A few days after telling me how much he enjoyed and admired Tristram Shandy, a rather droll result ensued. Wittgenstein may have been rereading the novel. At all events he said to me that he had been struck with a passage in it which seemed to be a quotation from Aristotle which said that a man looks up when he is thinking of the future and down when he is thinking of the past. Crediting me with more learning than I possessed, but knowning that I had been reading quite a bit of Aristotle recently, he asked me if I could say which work of Aristotlte it came from. I had no recollection whatever of any such passage. He said that the passage was quoted in Tristram Shandy, as from ‘Aristotle’s Masterpiece’. I said I was sorry, but I didn’t know the answer. Then, a few days later, he told me not to bother to look any further in Aristotle as he had now heard that Aristotle’s Masterpiece was a baudy eighteenth-century book. This was quite near the mark, but only quite.

Aristotle’s Master-Piece was actually a compendium including an eighteenth-century version of a manual of sex, a midwife’s guide, a book of homely remedies and a miscellany of rustic science ... However, the passage about looking down and looking up, which had struck Wittgenstein, was not from Aristotle’s Master-Piece but from another work frequently bound up with it, Aristotle’s Book of Problems ... probably originally a Peripatetic work ... possibly containing some questions raised by Aristotle himself ... The oldest manuscrupt is tenth-century ... In the 1755 edition of the book there are two questions posed which are relevant to the Tristram Shandy passage: Why doth a Man lift up his head towards the Heavens when he doth imagine? ... (2) Why doth a Man when he museth, or thinketh on things past, look down towards the earth? (pp. 50-1)

It turns out that the answer has to do with fluid dynamics of the brain - the answers are 1) because the Imagination is in the Fore part of the head, needing lifting up so the Creeks or Cells of the Imagination may be opened ... and 2) because the aft Cell or Creek is the Creek of Chamber of Memory, and therefore looketh towards Heaven when the head is bowed ...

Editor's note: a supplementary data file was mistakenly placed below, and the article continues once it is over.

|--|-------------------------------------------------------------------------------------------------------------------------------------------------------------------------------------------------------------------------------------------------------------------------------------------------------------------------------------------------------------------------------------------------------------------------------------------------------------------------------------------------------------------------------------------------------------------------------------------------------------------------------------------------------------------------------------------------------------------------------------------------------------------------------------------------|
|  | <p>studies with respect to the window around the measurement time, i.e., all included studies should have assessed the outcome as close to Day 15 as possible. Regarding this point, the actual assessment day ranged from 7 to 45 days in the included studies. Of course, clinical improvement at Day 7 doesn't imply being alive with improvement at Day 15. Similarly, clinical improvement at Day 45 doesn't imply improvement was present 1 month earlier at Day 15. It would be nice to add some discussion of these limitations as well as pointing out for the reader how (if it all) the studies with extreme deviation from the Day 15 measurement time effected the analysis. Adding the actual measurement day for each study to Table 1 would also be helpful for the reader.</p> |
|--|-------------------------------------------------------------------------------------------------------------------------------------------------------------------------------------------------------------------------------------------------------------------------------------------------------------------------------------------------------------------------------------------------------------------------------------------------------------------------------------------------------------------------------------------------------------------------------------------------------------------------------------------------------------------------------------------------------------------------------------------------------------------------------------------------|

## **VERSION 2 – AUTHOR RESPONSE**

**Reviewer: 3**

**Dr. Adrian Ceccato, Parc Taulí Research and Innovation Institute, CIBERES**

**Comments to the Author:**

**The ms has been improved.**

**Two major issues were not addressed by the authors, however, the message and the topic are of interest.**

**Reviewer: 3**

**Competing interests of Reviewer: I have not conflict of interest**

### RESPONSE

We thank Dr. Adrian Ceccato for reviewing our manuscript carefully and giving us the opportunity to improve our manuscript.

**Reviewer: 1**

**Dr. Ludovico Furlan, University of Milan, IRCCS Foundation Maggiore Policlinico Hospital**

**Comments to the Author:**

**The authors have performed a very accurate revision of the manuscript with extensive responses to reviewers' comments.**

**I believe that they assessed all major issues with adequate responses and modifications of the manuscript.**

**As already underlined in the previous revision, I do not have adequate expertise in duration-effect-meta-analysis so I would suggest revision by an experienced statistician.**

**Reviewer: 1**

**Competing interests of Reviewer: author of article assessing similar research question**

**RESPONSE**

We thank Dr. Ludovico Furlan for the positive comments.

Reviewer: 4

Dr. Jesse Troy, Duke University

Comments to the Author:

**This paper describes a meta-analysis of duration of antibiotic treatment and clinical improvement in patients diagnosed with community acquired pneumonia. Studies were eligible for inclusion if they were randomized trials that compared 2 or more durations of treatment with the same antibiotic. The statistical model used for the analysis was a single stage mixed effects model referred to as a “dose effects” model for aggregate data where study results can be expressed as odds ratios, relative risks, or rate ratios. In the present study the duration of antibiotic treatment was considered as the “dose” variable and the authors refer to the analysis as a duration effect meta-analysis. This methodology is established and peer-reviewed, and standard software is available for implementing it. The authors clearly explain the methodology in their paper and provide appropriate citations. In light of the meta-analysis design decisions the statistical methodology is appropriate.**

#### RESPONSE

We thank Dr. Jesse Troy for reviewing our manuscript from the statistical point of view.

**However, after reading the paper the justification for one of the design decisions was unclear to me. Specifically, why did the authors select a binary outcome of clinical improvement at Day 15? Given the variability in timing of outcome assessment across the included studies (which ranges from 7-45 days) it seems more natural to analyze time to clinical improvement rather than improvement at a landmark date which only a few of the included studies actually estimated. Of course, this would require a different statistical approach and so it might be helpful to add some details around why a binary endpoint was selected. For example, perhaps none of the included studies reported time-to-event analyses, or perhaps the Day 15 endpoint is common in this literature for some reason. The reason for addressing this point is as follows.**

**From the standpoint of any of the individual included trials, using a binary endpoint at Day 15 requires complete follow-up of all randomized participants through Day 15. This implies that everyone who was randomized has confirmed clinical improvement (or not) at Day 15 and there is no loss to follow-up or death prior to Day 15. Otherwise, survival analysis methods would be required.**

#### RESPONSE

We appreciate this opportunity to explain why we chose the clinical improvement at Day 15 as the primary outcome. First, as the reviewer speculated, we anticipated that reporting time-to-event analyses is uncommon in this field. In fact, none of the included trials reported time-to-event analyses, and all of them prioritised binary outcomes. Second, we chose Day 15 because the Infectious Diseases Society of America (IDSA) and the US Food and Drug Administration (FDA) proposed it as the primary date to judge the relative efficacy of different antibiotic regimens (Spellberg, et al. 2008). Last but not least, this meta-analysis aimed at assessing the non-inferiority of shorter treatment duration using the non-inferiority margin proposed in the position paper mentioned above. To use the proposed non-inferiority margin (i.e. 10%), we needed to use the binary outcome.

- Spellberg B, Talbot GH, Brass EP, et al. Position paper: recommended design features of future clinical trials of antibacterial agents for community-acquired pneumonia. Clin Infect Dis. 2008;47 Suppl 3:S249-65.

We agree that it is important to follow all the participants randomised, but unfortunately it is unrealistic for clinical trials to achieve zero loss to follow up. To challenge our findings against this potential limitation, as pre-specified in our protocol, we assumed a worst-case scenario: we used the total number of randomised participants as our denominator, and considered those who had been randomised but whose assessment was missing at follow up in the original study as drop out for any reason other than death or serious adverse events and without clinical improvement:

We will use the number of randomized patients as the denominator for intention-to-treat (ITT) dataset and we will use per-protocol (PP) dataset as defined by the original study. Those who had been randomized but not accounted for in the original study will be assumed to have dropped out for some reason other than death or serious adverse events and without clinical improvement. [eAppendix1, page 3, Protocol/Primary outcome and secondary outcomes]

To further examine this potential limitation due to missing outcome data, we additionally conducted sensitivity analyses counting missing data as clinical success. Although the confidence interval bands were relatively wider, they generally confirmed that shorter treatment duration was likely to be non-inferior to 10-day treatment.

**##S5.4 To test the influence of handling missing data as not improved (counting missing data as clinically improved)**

The Tristram Shandy passage (vol. 2 ch. 7): "It is said in Aristotle’s Master-Piece, "That when a man doth think of any thing which is past, - he looketh down upon the ground; - but that when he thinketh of something which is to come, he looketh up towards the heavens".’ And then, bit further on: "My uncle Toby, I suppose, thought of neither, for he looked horizontally’.

UPDATE: Aristotle’s Master-Piece - thanks, Anatoly!


Comments

Aristotle’s Master-Piece

The Book of Problems starts on page 211, and this quotation is on p. 215.

By Anatoly on 06/05/07 at 05:32 AM | Permanent link to this comment

W seems to be getting at the point later made by structural anthropologists: systems of classification and codes have meaning only as social systems.  The same gesture or sign could be meaningful in one system, meaningless in another; or it might be important for one group and not important for another.  (As opposed to the Jungians, who saw a sign as having a relatively stable meaning across cultures.)

So in one system or for one culture, the looking up/looking down classification of Art might work—a culture, say, that hung all religious art from ceilings and installed all secular art flatly on the groud.

By on 06/05/07 at 09:27 AM | Permanent link to this comment

I took the comment as LB does and am not seeing the connection to secondary senses particularly straight off—TOO BAD that I packed up all my W. in a big ol’ box, I GUESS.

By ben wolfson on 06/05/07 at 07:42 PM | Permanent link to this comment

Ben, it seems to me that the trouble with this bit is that Wittgenstein is crossing discussion of ‘secondary sense’-type issues (is Wednesday more yellow than Tuesday and all that?) with stuff that clearly has some social/anthropological explanations (dominance displays, looking up at your parents, so people you look up to are your superiors), cultural arbitrariness. It’s just that he’s not teasing out these various threads of possibility, so he isn’t isolating anything interesting. It feels like he threw too much in the pot with this one.

In short, it’s not that W. is wrong, it’s that he’s vaguely right about three (fairly obvious) things at once. At least in this case.

By John Holbo on 06/05/07 at 09:20 PM | Permanent link to this comment